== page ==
Update 10/18 -
1: A one click e-mail to Sinclair advertisers, from grassroots nation.com
2: From Lawrence Lessig's blog: An in-depth analysis of the obligations of broadcasters, & the difference between network TV & other media invoking the 1st amendment:
In the last week, the stock price of the Sinclair Group has fallen by 10%. The company has lost $60,000,000 in market cap. Josh Marshall has a great clip from a Lehman Brothers research memo attacking the decision from a business perspective.
This drop is no doubt in part a calculation about how Sinclair will fair if the election goes for Kerry. But in part it may also be the product of a large citizen reaction to this corporate partisanship. Among the groups creating pressure on the company are:
The First Amendment does not mean people have to like you for what you say. Nor does it protect you if people decide not to buy your product because of what you say, or advertise on your network, because of what you say. All it means is that the government can’t punish you for what you say (or at least, that’s at least what it should mean, “indecency” notwithstanding).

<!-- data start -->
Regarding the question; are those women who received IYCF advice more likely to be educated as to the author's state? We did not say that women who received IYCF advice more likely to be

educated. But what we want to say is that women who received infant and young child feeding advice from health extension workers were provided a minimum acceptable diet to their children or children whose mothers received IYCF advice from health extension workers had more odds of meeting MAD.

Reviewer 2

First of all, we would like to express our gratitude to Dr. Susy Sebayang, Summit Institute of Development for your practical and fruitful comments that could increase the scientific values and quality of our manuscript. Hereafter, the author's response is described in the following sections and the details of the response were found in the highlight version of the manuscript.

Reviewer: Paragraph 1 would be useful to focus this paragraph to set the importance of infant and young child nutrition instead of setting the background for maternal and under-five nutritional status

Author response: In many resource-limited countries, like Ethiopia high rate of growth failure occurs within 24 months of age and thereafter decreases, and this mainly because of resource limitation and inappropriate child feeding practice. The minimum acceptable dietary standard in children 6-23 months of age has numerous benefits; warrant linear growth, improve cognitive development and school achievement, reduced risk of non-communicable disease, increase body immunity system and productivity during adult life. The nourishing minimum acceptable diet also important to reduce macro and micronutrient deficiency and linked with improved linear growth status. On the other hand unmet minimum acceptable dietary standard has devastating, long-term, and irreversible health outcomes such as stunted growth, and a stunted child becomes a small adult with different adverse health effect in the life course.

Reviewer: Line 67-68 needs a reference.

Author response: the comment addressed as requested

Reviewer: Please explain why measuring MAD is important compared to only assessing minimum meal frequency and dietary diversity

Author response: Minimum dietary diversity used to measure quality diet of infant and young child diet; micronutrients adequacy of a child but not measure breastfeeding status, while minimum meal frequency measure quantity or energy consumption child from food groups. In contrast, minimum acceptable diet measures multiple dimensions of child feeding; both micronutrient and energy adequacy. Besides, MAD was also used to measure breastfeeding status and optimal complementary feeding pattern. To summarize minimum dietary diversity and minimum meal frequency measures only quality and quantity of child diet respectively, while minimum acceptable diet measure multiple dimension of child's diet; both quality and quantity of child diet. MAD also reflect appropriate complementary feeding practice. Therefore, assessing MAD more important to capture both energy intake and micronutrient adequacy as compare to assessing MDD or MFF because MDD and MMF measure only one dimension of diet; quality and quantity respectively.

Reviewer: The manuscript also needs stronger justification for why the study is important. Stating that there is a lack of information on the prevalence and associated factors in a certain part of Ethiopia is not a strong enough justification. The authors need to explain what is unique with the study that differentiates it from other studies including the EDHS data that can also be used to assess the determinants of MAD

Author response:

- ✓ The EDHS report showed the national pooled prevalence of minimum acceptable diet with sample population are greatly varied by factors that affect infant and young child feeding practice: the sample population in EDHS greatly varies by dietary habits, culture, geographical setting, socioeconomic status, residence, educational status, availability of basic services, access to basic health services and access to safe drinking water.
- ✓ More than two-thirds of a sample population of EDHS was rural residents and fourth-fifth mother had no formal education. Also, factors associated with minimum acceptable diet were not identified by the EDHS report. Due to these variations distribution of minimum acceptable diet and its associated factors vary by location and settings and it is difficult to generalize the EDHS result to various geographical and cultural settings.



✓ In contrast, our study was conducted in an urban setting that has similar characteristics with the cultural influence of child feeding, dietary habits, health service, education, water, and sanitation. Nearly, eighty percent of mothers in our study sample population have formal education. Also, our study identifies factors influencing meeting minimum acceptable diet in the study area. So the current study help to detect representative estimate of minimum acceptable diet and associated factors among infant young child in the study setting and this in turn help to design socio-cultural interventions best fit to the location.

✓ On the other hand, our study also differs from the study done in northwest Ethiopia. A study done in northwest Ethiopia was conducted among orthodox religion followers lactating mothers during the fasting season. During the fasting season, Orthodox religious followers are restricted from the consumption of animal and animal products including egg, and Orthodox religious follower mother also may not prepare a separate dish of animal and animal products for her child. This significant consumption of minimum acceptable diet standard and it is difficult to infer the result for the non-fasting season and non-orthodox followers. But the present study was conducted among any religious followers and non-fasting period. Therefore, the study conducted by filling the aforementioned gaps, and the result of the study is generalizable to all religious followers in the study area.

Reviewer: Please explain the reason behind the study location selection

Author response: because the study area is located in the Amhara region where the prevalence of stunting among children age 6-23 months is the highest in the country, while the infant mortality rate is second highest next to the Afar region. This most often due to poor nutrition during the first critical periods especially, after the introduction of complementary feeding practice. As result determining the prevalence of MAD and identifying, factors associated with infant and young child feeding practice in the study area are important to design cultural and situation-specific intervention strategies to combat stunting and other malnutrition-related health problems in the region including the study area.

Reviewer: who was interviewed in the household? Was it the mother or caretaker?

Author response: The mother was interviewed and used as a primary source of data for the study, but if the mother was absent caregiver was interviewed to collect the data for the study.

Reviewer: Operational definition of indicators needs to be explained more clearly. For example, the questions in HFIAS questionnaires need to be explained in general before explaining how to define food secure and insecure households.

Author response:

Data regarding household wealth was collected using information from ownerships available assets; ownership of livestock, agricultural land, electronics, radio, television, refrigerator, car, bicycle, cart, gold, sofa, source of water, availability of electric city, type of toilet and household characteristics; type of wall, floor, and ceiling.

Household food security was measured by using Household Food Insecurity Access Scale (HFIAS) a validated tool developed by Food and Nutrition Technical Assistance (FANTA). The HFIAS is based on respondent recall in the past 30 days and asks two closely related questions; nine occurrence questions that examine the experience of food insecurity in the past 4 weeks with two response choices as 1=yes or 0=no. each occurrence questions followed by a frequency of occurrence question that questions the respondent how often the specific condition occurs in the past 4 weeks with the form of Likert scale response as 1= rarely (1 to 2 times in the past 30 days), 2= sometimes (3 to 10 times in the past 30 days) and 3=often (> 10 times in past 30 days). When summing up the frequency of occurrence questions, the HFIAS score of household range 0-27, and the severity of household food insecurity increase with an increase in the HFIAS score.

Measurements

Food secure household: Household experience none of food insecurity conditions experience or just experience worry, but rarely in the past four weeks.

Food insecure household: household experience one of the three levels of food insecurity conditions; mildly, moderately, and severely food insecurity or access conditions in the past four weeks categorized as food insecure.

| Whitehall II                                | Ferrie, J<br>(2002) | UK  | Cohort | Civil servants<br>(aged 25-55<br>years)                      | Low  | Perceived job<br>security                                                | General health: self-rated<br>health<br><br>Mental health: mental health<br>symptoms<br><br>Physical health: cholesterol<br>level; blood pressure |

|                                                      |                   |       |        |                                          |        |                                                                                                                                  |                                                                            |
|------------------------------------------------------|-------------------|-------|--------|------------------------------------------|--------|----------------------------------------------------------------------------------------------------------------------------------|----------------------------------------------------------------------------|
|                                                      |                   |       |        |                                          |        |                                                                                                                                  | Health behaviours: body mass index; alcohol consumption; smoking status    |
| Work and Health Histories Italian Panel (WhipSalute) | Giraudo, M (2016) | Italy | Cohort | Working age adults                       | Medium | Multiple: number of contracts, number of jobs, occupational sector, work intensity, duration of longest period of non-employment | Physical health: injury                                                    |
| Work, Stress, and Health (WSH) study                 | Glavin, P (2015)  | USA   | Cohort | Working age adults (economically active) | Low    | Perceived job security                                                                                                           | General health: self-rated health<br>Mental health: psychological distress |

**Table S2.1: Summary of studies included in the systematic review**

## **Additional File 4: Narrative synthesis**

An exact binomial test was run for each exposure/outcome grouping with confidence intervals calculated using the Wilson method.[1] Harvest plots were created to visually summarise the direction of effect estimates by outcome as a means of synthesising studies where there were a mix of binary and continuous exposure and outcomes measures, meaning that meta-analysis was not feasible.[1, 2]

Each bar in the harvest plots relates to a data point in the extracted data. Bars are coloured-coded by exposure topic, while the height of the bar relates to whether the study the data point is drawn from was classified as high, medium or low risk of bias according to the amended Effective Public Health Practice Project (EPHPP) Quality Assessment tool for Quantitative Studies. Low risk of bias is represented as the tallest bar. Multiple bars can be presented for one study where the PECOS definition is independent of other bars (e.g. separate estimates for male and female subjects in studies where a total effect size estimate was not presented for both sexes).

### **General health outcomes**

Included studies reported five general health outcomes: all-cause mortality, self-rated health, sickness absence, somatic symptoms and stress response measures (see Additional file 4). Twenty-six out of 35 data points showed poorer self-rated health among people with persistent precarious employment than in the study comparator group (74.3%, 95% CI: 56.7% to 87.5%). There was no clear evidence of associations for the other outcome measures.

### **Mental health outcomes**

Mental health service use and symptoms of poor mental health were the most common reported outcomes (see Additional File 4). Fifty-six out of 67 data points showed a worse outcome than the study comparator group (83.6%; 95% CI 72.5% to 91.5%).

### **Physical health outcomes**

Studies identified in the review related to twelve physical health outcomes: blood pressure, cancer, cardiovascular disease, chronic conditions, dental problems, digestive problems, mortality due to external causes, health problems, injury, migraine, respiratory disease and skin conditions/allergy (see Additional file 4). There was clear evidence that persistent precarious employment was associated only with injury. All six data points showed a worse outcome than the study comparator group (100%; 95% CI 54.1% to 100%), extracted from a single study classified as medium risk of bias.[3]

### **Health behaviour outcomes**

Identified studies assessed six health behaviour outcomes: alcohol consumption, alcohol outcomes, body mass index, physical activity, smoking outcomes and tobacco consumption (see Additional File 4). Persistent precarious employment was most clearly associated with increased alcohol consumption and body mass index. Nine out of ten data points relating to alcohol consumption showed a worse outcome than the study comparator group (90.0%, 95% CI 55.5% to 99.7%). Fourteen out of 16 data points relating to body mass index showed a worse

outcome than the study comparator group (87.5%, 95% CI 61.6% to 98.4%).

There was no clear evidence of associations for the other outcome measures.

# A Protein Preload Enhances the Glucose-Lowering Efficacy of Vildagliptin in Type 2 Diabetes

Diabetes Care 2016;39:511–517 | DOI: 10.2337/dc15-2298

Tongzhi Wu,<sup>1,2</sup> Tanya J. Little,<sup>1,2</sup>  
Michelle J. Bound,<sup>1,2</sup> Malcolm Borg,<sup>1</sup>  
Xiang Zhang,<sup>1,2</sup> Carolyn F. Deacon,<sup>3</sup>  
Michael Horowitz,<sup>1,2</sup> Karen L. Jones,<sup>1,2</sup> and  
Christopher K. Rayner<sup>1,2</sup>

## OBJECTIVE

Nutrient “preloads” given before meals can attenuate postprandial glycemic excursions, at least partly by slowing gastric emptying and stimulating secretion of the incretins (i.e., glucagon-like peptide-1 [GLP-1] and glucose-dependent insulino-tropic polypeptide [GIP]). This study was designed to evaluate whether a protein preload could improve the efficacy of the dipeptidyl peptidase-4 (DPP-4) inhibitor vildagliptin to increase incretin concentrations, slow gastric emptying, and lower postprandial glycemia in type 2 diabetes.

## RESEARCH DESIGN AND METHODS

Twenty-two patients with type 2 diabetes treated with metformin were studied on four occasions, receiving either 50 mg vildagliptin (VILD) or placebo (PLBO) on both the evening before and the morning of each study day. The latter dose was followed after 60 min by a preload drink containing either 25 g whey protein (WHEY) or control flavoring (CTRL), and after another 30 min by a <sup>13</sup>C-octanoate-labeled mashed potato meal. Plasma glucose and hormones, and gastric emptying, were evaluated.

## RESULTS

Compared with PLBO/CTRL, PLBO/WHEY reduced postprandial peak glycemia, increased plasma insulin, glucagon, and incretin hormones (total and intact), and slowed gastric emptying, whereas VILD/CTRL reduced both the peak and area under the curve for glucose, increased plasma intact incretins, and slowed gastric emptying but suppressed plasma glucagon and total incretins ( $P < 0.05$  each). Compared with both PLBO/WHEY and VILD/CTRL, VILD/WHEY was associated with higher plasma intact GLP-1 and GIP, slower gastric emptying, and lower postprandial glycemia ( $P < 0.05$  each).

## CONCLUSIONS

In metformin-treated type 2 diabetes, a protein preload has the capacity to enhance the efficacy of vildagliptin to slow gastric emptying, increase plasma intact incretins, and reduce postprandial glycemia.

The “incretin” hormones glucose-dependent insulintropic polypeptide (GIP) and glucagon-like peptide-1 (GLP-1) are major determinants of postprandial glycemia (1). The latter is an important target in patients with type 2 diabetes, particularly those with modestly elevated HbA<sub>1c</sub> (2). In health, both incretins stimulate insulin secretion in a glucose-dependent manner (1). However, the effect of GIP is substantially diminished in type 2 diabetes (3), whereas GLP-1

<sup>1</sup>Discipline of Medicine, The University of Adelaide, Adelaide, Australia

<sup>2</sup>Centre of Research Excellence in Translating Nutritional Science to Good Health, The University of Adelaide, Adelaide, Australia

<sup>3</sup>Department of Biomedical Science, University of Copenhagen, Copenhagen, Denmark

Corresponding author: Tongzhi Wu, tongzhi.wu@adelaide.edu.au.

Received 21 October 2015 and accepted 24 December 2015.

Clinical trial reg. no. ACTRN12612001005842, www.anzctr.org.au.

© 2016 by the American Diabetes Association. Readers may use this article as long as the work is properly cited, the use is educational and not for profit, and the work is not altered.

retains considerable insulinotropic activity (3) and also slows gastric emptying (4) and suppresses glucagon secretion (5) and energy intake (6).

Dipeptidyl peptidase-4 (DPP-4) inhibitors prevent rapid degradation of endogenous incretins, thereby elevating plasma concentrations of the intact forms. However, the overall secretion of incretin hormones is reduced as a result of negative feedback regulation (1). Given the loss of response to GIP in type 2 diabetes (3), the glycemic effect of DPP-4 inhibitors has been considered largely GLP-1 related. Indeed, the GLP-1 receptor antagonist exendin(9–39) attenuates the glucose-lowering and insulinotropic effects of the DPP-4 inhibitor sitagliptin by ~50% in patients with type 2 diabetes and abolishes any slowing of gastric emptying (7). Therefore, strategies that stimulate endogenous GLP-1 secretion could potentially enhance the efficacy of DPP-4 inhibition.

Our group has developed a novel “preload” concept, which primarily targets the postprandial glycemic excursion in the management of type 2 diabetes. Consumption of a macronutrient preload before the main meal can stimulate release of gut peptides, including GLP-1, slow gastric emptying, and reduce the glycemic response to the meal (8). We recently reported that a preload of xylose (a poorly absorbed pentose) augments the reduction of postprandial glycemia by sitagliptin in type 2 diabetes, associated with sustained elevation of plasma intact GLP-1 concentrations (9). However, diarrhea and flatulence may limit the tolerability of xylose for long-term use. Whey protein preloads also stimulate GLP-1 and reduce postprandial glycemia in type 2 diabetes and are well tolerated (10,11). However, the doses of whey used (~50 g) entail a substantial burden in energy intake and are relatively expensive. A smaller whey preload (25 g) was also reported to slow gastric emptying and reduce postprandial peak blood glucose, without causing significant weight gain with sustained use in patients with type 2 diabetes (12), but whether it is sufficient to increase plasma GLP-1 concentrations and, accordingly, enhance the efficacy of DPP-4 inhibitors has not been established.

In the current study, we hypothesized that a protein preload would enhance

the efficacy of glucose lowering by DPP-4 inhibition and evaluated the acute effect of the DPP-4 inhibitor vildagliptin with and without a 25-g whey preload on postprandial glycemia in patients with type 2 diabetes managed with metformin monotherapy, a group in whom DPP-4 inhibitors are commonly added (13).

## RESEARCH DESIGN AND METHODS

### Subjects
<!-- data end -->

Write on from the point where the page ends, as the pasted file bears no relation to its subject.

But “free speech” is more than what the First Amendment says. And I wouldn’t be honest if I didn’t confess a bit of anxiety at all this “punishing” for what people — including corporations — say. The most that can be said in its defense is, I should think, this: In a world where “mainstream” broadcasters such as CBS are too timid to broadcast a plainly relevant story about war “too close” to an election, or where NBC refuses to license clips from “Meet the Press” because it wants to stay “neutral” in a political debate, the action by a concentrated, powerful, rightwing network to use its power to direct the election is bad. If we could break up the government supported monopolies of broadcasters, and change the culture among broadcasters generally, I’d have no problem with it. But now, in this culture, in an election this close, the decision stinks. And I for one won’t shed any tears for the “punishment” Sinclair receives from the market, or even the plaintiffs’ bar.